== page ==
What Aiken in a cottage would have been;
Ah! tho’ his worth...Read More

by Burns, Robert
 THE SUN had clos’d the winter day,
The curless quat their roarin play,
And hunger’d maukin taen her way,
 To kail-yards green,
While faithless snaws ilk step betray
 Whare she has been.


The thresher’s weary flingin-tree,
The lee-lang day had tired me;
And when the day had clos’d his e’e,
 Far i’ the west,
Ben i’ the spence, right pensivelie,
 I gaed to rest.


There, lanely by...Read More

by Burns, Robert
O, my Luve's like a red, red rose,
That's newly sprung in June.
O, my Luve's like a melodie
That's sweetly play'd in tune.

As fair as thou, my bonnie lass,
So deep in luve am I;
And I will love thee still, my dear,
Till a' the seas gang dry.

Till a' the seas gang dry, my dear,
And the rocks melt wi' the sun:
I will love thess...Read More

by Burns, Robert
 A Tale

"Of Brownyis and of Bogilis full is this Buke."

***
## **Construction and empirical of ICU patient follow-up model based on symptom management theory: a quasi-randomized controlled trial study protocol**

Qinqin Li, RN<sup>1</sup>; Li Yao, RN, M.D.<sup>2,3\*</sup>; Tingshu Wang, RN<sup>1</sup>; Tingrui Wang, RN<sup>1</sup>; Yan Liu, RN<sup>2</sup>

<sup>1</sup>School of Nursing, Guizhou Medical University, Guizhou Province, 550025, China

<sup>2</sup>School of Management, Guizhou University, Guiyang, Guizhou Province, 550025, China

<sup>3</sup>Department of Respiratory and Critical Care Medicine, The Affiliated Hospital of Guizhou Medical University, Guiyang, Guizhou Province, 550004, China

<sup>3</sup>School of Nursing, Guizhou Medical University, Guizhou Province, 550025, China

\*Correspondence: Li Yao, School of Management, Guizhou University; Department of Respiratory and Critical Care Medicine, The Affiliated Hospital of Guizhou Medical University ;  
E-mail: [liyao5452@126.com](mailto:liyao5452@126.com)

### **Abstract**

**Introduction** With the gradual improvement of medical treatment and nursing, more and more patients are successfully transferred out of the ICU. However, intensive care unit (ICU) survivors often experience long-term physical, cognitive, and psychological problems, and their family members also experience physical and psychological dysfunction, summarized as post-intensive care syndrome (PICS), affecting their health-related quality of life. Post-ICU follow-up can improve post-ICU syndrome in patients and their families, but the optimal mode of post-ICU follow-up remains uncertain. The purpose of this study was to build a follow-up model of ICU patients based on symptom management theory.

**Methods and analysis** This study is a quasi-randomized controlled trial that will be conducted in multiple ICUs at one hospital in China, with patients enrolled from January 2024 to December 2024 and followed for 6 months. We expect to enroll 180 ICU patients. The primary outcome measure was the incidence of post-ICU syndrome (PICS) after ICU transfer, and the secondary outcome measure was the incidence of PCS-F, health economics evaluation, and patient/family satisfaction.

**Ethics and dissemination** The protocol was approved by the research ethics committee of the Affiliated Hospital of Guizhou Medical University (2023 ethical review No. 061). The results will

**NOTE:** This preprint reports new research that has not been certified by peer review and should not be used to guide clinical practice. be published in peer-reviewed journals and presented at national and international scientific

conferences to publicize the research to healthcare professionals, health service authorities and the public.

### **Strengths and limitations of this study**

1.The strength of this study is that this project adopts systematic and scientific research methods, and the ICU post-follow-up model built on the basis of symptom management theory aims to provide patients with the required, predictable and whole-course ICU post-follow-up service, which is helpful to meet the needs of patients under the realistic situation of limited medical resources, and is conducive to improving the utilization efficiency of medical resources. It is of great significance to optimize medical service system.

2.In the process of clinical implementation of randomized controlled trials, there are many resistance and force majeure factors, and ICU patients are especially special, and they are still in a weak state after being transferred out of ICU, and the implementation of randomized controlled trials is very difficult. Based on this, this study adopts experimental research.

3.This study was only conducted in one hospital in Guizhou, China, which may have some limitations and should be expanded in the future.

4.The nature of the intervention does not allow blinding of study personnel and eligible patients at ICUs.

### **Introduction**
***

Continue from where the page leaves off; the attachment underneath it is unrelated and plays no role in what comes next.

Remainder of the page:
—Gawin Douglas.

When chapman billies leave the street,
And drouthy neebors neebors meet,
As market-days are wearing late,
An' folk begin to tak' the gate;
While we sit bousing at the nappy,
An' getting fou and unco happy,
We think na on the lang Scots miles,
The mosses, waters, slaps, and stiles,
That lie between us and our...Read More

by Burns, Robert
Wee, sleekit, cow'rin, tim'rous beastie,
O, what a panic's in thy breastie!
Thou need na start awa sae hasty,
          Wi' bickering brattle!
I wad be laith to rin an' chase thee,
          Wi' murd'ring pattle!

I'm truly sorry man's dominion
Has broken Nature's social union,
An' justifies that ill...Read More